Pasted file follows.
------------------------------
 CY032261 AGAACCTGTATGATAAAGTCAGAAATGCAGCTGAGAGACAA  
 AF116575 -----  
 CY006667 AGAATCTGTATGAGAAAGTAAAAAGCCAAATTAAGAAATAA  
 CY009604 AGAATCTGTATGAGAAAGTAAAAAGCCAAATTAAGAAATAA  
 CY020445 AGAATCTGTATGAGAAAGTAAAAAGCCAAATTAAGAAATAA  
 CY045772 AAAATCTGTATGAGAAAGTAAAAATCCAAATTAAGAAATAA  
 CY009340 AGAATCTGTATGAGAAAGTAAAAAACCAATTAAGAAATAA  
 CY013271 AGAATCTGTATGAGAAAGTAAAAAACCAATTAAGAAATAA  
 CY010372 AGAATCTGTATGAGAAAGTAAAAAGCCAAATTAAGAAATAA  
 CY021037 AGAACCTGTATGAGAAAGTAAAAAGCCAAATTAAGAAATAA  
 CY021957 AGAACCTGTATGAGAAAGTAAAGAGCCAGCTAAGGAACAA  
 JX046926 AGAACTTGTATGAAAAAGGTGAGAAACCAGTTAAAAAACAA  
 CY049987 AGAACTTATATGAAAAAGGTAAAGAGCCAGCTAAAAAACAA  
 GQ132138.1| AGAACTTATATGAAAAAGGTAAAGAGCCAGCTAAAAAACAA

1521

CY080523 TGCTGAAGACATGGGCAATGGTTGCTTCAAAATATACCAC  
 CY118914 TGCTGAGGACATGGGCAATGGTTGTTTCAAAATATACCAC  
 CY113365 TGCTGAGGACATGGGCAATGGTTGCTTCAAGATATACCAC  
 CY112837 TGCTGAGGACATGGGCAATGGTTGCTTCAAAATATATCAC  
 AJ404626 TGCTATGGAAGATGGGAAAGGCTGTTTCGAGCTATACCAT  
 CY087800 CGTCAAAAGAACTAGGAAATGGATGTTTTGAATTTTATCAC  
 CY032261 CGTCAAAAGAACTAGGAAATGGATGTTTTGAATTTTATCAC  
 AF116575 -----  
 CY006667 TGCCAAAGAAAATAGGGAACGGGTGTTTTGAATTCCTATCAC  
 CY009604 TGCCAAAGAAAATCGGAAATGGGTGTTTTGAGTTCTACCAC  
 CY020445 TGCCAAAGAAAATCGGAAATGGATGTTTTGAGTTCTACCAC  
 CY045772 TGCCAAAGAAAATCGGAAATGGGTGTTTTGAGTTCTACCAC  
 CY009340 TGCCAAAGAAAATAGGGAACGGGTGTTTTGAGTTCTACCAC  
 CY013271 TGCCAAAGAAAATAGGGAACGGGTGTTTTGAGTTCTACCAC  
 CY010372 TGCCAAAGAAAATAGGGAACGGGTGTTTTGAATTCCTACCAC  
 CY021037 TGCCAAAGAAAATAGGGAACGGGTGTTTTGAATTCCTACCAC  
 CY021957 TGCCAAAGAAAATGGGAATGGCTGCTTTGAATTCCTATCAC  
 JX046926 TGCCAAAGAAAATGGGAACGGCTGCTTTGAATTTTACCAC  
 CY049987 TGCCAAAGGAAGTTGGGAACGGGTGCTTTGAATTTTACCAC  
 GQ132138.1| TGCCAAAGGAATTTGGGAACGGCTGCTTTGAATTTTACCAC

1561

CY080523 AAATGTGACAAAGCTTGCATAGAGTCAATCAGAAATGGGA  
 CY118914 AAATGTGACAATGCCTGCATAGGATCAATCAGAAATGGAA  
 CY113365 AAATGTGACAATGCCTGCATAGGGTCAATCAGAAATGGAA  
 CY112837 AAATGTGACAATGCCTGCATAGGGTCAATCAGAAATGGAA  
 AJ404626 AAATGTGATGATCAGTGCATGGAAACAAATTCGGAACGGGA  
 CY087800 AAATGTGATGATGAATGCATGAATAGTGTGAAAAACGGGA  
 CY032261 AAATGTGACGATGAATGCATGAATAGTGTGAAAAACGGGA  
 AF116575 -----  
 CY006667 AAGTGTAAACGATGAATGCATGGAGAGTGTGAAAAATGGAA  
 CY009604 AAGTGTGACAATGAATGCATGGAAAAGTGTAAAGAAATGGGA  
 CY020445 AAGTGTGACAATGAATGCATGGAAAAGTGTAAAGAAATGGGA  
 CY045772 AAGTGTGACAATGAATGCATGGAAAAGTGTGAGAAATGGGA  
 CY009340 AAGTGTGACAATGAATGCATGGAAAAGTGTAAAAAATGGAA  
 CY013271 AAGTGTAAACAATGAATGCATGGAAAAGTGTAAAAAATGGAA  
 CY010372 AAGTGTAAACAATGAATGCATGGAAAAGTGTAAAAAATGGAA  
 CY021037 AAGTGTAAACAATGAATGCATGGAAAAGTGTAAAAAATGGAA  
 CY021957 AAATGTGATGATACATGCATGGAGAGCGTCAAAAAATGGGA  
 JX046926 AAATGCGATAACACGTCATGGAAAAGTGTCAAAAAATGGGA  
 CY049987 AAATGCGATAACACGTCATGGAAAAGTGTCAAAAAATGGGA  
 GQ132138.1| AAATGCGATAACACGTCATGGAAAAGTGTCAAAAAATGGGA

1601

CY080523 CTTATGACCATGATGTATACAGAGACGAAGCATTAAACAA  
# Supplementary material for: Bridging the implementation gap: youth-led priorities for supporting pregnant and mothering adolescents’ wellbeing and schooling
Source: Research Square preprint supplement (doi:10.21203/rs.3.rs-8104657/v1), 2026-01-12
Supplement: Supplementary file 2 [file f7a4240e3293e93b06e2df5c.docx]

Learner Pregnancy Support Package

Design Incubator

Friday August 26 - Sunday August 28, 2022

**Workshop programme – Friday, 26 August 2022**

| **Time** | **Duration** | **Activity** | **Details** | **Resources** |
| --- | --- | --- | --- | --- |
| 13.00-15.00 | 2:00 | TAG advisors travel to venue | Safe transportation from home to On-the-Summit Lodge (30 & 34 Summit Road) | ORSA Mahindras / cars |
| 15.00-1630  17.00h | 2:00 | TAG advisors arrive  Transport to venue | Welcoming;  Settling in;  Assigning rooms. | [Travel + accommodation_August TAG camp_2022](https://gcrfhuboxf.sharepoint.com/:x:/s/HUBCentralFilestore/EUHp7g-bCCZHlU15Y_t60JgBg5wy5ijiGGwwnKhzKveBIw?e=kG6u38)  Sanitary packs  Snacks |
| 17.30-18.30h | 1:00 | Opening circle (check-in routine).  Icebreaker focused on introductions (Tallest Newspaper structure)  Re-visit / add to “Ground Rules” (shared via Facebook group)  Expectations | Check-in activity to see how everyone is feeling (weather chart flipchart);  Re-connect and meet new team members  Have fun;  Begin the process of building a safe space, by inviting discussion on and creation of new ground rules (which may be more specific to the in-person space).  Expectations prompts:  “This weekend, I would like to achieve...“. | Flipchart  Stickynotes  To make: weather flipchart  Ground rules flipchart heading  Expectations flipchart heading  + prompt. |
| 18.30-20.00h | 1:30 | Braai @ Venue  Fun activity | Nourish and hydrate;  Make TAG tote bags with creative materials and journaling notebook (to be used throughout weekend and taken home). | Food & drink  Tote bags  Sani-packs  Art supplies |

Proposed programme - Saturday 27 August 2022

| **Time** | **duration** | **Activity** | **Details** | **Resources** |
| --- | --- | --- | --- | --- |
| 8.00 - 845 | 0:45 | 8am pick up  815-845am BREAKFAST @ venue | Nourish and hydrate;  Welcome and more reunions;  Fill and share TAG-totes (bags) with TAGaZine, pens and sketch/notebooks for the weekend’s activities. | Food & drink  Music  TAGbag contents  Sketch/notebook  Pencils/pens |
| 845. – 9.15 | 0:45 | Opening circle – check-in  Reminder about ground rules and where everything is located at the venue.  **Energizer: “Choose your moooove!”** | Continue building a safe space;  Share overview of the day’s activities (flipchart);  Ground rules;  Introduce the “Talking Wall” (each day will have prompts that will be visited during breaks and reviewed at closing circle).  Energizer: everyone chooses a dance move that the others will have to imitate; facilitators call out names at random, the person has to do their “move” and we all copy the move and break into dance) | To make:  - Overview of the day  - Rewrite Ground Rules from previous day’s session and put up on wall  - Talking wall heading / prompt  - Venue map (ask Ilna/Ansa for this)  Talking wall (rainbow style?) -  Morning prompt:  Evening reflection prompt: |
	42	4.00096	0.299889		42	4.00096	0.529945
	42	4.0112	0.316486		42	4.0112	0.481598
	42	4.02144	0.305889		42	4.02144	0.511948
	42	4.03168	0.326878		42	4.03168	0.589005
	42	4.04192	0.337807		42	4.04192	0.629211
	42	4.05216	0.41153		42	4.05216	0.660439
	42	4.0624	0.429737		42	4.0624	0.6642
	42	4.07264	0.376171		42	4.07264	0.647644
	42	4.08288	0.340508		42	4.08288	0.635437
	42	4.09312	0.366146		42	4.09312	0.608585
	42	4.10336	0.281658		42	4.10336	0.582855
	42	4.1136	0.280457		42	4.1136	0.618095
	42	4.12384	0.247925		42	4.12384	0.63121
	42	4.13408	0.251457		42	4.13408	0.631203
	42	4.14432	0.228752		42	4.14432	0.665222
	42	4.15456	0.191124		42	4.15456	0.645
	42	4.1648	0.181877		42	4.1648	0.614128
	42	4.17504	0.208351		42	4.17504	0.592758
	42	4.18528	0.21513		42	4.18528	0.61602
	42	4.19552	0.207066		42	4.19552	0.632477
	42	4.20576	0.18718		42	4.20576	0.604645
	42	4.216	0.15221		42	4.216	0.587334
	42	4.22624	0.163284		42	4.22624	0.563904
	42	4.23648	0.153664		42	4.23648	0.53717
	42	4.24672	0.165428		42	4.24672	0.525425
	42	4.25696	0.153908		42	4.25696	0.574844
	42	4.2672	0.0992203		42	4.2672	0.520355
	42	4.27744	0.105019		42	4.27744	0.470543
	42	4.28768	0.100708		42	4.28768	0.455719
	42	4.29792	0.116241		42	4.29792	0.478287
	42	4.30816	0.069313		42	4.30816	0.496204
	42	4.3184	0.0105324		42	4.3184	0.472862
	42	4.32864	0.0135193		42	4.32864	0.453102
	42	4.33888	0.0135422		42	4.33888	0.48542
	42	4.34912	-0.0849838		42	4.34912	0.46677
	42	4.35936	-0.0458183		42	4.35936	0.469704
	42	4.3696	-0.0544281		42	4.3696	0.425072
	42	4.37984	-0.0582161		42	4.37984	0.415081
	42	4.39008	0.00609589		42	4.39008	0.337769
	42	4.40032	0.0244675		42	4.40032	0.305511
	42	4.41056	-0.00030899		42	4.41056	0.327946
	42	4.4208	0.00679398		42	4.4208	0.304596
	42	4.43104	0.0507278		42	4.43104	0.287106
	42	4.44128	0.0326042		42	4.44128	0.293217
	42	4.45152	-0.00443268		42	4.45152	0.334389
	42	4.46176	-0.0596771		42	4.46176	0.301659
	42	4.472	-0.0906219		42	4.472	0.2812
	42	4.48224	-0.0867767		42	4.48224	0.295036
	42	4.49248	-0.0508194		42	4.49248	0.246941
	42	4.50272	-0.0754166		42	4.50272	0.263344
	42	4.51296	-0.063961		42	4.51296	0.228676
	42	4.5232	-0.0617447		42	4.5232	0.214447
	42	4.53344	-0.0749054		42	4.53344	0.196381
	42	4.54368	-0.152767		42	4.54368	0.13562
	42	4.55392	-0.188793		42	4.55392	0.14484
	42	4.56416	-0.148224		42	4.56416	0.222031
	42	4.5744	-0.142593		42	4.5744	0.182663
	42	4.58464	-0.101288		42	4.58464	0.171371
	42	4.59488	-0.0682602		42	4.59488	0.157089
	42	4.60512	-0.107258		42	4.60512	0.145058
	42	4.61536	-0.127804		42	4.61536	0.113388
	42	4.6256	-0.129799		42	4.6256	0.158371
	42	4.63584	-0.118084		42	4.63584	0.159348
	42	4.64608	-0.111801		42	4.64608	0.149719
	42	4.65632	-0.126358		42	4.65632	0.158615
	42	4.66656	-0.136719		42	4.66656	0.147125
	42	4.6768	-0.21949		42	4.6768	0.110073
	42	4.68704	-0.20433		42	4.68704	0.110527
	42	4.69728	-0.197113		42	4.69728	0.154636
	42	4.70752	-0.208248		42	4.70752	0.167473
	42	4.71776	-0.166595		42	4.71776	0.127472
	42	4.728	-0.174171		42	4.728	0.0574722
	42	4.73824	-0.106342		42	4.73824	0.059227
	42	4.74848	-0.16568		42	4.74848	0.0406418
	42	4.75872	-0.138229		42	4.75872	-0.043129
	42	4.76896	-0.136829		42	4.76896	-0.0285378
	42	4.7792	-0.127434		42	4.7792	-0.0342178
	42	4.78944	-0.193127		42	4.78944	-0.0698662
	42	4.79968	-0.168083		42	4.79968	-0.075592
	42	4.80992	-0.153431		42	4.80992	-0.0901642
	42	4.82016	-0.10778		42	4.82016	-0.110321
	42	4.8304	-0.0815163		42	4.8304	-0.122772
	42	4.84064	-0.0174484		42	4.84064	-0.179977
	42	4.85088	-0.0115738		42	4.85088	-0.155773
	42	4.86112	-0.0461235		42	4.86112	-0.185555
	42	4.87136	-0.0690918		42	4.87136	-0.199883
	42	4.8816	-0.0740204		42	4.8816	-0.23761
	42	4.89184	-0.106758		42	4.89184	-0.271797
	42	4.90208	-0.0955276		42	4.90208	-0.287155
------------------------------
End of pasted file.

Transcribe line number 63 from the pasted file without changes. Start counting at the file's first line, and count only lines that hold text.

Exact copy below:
Design Incubator